I can remember when I was a little girl, hiding under the exam room table at the doctors office, and crying hysterically with fear. The people in the other exam rooms really must have thought someone was being murdered with the amount of noise coming out of our room. I’m pretty sure I tried to kick the nurse that unsuccessfully attempted to remove me from my hiding place. My mom, who was terribly embarrassed, was trying her best to coax me out from under the table. Eventually, she was successful, and I met the business end of the needle. It wouldn’t be the last time I was petrified of needles, either…
From the years of 2011 to 2013 I was pregnant three times, and gave birth to three boys. The first little boy, however, wasn’t born alive (If you’re new to my blog you can read our whole story here). After Max was born in 2011, I was pregnant again shortly after and gave birth to Little J in 2012, and Baby L in 2013. Three boys birthed in the period of 25 months. Needless to say, needles started to become just a regular part of life for me. When you’re an extremely high risk pregnant person you better get used to seeing a needle. Getting poked at, giving blood for this or that, amnios, genetic testing. You name it, I’ve done it or had it done to me. Throughout all of that, I had to at some point realize that needles, pain (both emotional and physical), and discomfort are also just a part of life.
When my living children were born I was extremely neurotic about something bad happening to them. I had some definite post-traumatic stress from giving birth to a non-living baby, and I was scared that they would also die. Scared that they would have some genetic abnormality. Scared they would just stop breathing in the night. Scared they would fall down and bump their heads. Scared they would get autism. Scared, scared, scared. I’m even ashamed to admit that I would google symptoms and watch videos on YouTube of kids with Down syndrome and autism, to try to see if my first living child, Little J, also had those markers. (Looking back, this was probably some postpartum depression creeping in, which thankfully went away, but that’s a whole other post for a different day). Many of the articles I read and videos I watched warned against giving your children the MMR vaccine, and basically blamed vaccines as a whole for things that happened to their children.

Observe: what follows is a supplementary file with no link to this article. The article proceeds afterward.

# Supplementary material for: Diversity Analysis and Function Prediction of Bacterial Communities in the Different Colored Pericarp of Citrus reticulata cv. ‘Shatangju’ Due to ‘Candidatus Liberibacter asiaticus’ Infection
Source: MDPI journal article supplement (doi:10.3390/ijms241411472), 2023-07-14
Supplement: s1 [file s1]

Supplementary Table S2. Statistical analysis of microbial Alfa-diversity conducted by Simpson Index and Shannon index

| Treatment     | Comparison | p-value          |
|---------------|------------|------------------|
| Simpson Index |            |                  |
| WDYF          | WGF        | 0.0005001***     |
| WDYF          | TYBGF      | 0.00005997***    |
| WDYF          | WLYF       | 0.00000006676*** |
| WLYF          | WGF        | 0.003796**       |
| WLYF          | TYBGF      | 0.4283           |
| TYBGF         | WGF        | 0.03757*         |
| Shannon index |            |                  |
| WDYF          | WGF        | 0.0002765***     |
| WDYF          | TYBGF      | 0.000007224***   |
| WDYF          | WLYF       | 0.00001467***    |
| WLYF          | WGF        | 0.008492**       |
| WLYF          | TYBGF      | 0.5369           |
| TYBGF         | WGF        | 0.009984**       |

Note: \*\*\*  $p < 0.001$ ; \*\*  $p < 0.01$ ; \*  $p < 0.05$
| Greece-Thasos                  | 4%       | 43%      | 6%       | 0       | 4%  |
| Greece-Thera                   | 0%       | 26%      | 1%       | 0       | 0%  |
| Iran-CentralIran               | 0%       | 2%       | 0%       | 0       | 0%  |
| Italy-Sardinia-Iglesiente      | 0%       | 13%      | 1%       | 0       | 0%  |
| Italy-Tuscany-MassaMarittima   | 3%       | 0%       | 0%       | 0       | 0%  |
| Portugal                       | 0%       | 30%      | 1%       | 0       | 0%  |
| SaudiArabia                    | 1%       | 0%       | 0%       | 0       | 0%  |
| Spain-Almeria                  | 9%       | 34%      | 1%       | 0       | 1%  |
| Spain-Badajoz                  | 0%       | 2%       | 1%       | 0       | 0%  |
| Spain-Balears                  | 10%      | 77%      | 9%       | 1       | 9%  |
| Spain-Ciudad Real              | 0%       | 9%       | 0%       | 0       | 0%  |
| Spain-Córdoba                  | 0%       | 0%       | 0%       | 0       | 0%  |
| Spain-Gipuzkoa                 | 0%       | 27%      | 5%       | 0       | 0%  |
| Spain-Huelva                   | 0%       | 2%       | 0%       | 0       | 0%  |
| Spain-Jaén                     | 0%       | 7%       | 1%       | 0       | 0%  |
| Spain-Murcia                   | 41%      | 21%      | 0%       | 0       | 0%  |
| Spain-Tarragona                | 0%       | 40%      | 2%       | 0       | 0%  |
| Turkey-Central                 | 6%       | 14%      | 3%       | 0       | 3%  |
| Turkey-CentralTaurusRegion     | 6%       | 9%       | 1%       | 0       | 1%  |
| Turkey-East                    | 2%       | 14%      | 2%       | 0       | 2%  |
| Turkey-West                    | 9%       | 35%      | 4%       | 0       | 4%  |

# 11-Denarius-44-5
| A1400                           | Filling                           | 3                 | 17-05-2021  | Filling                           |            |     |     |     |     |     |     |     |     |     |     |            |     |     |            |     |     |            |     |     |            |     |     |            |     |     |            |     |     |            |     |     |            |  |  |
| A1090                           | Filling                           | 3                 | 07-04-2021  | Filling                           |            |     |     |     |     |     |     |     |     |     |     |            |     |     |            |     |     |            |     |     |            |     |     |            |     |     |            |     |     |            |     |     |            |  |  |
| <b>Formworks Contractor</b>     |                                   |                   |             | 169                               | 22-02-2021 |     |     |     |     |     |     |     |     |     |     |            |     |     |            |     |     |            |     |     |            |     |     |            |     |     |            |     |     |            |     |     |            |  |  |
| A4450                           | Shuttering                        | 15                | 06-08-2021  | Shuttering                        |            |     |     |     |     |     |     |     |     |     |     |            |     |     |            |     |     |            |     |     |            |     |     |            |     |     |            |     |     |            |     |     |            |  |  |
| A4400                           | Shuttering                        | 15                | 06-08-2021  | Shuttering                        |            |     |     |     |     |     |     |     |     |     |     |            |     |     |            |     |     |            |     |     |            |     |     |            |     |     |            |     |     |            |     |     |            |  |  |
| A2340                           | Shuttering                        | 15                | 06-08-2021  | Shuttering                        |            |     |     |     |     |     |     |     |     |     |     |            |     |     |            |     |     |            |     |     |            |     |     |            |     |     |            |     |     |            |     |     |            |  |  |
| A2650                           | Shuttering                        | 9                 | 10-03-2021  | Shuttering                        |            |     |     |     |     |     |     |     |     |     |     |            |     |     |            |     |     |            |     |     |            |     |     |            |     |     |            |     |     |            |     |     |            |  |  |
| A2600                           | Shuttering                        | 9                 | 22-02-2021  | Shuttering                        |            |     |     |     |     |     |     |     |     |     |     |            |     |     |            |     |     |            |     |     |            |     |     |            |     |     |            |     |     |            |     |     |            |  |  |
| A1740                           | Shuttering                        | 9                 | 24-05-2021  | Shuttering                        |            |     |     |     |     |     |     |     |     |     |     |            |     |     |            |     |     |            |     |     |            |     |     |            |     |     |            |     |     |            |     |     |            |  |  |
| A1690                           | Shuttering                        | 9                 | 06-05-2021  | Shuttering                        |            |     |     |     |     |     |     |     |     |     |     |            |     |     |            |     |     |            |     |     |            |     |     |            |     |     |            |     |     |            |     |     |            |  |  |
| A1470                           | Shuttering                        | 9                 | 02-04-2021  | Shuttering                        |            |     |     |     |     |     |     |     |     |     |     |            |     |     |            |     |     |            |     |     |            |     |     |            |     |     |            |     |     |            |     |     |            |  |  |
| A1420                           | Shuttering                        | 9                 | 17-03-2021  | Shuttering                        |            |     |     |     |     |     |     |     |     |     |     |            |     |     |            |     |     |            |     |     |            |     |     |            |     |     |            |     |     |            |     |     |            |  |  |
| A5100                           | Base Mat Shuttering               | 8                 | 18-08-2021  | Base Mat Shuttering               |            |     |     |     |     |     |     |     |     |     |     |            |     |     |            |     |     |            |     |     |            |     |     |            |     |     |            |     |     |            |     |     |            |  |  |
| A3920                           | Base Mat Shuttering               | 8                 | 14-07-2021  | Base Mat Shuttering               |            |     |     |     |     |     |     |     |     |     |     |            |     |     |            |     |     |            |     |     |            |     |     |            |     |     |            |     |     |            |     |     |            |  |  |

My own non-scientific research and my personal life experiences added up (not to mention people like Jenny McCarthy adding fuel to the fire), and at a very early point in my parenting journey, I made the decision to be a delayed vaccinator. To clarify, I wasn’t swearing off vaccines. I just wanted to space them out. I wanted to wait it out as long as possible for my kids to grow naturally without being injected with a bunch of “stuff”….and I have been doing just that. Up until Little J started preschool I have vaccinated on my own terms, and I didn’t really see anything wrong with it. (For the record, Little J is now fully vaccinated and on schedule for where he should be for his age).
Today, February 3rd, 2015, I changed my mind. I was at the park earlier with my group of moms. We were all talking about how the measles has finally made it’s way to Florida since the measles outbreak happened at Disneyland. There are now four confirmed cases of measles in Florida, according to health officials. I was holding my friend’s 5-month-old baby, as she was sharing about her fears of the baby contracting measles. A 5-month-old can’t get the MMR vaccine. (FYI – The CDC says the first dose should be given to children between 12-15 months old).
My younger son, who is turning 17-months-old next week, has not yet received his MMR vaccine. (The last time we went to the doctor he had a cold, so we didn’t do it.) When we left the park I picked up my cell phone, dialed the kids’ pediatrician and made an appointment for this coming Thursday morning to get his vaccinations.
I am not a scientist. I am not an expert in vaccines. I am just a mom. As a mom, I seriously couldn’t imagine if my child was to be the one exposing young babies or chronically ill children (who cannot be vaccinated due to age or other health reasons) and being the cause of a child contracting the measles. If the tables were turned, and I was the mom on the receiving end it would infuriate me. So, today, I am officially changing my stance on the MMR vaccination.
All along I have been doing what I thought was best for my children, and (in my mind, at least) trying to keep them safe from something happening to them. It is my job as a mother to keep my kids safe. What I see now, though, is that the risk of them getting an undesired (and unproven) side effect from a vaccine, is far lower than the very real risk of them getting a preventable disease (or transferring that disease to another person). Getting the MMR vaccine now makes sense as the best way to protect my kids. I’m still doing my job as a mom to protect them, I’ve just shifted my view on what is the best way to go about protecting them.
As humans, we are allowed to make mistakes. “To err is human”, no? What we learn from those mistakes, and try to do better with the knowledge that we gain from the mistakes, is what really matters. Here’s to being a better parent, and a better human.